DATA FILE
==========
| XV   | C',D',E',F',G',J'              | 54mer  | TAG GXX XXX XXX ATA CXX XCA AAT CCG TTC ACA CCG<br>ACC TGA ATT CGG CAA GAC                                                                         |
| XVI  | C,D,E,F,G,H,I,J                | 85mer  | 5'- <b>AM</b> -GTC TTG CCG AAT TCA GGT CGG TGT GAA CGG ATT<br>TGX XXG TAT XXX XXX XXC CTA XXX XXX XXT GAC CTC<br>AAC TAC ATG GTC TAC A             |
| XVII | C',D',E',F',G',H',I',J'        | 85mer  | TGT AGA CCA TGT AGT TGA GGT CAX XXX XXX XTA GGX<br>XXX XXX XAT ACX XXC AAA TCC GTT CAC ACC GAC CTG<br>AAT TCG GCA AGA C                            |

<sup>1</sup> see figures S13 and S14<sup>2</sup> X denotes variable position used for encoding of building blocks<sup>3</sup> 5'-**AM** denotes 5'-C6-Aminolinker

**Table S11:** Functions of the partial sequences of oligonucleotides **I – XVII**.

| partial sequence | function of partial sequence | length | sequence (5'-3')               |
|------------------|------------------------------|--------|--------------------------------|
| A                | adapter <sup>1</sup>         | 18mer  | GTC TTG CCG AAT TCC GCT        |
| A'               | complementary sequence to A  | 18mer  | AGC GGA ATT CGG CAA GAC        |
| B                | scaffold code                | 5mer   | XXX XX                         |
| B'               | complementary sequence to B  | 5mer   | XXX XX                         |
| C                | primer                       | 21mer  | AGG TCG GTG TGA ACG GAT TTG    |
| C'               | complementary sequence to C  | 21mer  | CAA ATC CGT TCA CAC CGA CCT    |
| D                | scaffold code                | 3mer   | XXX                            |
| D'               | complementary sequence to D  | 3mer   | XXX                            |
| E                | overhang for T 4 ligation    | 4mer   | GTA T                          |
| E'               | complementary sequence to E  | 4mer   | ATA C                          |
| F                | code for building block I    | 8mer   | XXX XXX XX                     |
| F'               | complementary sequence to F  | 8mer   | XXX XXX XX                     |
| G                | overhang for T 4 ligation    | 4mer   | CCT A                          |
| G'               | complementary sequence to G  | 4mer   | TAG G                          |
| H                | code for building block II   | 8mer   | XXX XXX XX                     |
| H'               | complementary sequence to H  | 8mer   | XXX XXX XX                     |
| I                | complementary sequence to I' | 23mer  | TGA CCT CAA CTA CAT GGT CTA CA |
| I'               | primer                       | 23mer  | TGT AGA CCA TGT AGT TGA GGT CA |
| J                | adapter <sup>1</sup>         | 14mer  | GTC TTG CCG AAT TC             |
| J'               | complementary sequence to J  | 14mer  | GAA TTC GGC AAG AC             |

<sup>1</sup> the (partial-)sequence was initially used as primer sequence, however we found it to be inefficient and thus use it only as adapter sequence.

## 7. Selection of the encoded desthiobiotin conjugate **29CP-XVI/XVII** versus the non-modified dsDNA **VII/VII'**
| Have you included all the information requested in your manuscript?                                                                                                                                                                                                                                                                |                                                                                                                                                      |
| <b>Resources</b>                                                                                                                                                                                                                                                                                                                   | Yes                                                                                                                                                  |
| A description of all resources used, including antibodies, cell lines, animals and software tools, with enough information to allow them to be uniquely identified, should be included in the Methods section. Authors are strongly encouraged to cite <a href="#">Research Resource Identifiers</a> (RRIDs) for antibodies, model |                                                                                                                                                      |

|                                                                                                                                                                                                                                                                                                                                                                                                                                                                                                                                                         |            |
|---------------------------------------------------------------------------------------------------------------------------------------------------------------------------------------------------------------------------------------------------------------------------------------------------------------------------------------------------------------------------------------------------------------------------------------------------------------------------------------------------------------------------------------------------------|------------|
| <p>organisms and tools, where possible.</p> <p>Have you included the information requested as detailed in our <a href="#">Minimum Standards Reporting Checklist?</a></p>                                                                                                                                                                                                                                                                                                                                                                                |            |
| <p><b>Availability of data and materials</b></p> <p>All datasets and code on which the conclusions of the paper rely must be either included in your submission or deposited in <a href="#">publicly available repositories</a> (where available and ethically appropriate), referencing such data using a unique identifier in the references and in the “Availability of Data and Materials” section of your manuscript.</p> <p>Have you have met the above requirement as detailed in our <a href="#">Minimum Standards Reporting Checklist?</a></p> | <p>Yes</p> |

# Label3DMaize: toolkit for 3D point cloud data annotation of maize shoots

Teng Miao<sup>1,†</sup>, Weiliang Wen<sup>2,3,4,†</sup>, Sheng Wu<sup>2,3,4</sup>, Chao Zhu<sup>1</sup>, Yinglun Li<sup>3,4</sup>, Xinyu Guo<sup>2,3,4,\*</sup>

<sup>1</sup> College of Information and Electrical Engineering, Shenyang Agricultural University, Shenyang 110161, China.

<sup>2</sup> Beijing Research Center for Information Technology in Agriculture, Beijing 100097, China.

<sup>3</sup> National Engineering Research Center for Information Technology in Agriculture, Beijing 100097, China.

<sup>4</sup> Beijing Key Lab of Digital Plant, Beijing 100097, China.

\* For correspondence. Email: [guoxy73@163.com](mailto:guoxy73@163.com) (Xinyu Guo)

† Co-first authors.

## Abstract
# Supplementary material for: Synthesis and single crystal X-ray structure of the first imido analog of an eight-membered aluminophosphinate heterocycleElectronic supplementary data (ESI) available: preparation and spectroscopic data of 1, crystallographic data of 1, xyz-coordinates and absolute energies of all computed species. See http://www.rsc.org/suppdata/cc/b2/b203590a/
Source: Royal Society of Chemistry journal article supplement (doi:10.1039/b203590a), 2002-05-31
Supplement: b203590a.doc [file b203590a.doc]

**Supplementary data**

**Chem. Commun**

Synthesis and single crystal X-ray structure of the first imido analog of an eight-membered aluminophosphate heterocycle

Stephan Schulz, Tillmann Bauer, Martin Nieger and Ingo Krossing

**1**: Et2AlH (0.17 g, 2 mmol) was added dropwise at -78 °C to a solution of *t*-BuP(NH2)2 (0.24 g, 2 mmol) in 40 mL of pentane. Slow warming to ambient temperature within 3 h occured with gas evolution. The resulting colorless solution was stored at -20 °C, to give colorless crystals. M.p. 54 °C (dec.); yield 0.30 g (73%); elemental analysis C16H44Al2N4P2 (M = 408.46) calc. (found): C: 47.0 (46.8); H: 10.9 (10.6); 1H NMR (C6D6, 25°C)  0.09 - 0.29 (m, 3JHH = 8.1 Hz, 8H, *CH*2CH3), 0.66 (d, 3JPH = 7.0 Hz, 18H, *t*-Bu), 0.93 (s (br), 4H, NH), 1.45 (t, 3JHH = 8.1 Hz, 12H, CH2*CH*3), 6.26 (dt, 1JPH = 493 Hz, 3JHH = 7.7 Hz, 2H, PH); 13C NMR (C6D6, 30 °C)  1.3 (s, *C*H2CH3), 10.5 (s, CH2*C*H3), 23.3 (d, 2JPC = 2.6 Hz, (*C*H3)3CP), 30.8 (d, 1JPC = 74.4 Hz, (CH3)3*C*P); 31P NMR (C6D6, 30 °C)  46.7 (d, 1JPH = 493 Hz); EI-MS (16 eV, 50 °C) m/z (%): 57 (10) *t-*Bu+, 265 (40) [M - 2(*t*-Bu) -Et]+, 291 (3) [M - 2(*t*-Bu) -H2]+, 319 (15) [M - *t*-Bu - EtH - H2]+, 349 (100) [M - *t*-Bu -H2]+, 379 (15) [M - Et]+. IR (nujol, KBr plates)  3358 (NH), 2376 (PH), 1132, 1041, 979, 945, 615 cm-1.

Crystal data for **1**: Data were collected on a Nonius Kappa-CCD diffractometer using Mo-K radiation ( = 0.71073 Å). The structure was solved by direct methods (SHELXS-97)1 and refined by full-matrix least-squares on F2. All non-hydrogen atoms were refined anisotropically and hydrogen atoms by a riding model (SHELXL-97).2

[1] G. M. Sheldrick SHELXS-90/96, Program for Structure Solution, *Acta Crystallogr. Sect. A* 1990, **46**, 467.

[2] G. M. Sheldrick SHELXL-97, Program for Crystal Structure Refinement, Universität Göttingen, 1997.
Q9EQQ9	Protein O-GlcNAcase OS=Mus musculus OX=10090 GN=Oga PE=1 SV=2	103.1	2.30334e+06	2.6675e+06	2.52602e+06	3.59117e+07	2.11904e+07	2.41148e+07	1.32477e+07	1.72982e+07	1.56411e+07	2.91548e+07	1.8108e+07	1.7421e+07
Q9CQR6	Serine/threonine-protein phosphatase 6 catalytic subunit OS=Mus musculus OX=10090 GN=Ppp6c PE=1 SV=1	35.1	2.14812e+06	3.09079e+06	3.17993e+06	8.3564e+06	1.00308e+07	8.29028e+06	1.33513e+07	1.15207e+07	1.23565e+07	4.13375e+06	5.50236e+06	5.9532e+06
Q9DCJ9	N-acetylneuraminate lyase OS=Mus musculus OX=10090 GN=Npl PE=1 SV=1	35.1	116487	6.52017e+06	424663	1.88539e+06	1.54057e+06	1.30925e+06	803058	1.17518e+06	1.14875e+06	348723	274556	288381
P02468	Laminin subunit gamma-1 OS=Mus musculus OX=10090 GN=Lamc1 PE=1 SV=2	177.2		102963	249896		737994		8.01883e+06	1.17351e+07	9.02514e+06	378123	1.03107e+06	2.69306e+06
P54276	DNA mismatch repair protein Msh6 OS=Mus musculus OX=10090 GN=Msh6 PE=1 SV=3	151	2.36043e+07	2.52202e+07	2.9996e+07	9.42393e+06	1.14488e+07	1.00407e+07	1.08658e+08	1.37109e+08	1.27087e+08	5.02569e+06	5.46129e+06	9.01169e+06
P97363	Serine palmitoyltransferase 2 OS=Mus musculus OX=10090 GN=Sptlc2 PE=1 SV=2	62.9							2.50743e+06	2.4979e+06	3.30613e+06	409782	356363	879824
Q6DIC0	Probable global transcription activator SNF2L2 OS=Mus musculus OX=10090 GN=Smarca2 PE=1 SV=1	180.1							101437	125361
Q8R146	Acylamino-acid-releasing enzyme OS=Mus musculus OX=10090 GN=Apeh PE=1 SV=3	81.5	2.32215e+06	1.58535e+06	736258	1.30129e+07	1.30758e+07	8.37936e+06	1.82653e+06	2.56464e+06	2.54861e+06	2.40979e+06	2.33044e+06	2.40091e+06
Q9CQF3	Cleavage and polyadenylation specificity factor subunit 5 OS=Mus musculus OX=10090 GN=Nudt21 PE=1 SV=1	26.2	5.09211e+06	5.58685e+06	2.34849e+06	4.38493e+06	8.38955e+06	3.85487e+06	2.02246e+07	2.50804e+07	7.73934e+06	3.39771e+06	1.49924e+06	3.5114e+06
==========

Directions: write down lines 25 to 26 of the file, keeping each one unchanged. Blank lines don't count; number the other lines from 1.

| I'               | primer                       | 23mer  | TGT AGA CCA TGT AGT TGA GGT CA |
| J                | adapter <sup>1</sup>         | 14mer  | GTC TTG CCG AAT TC             |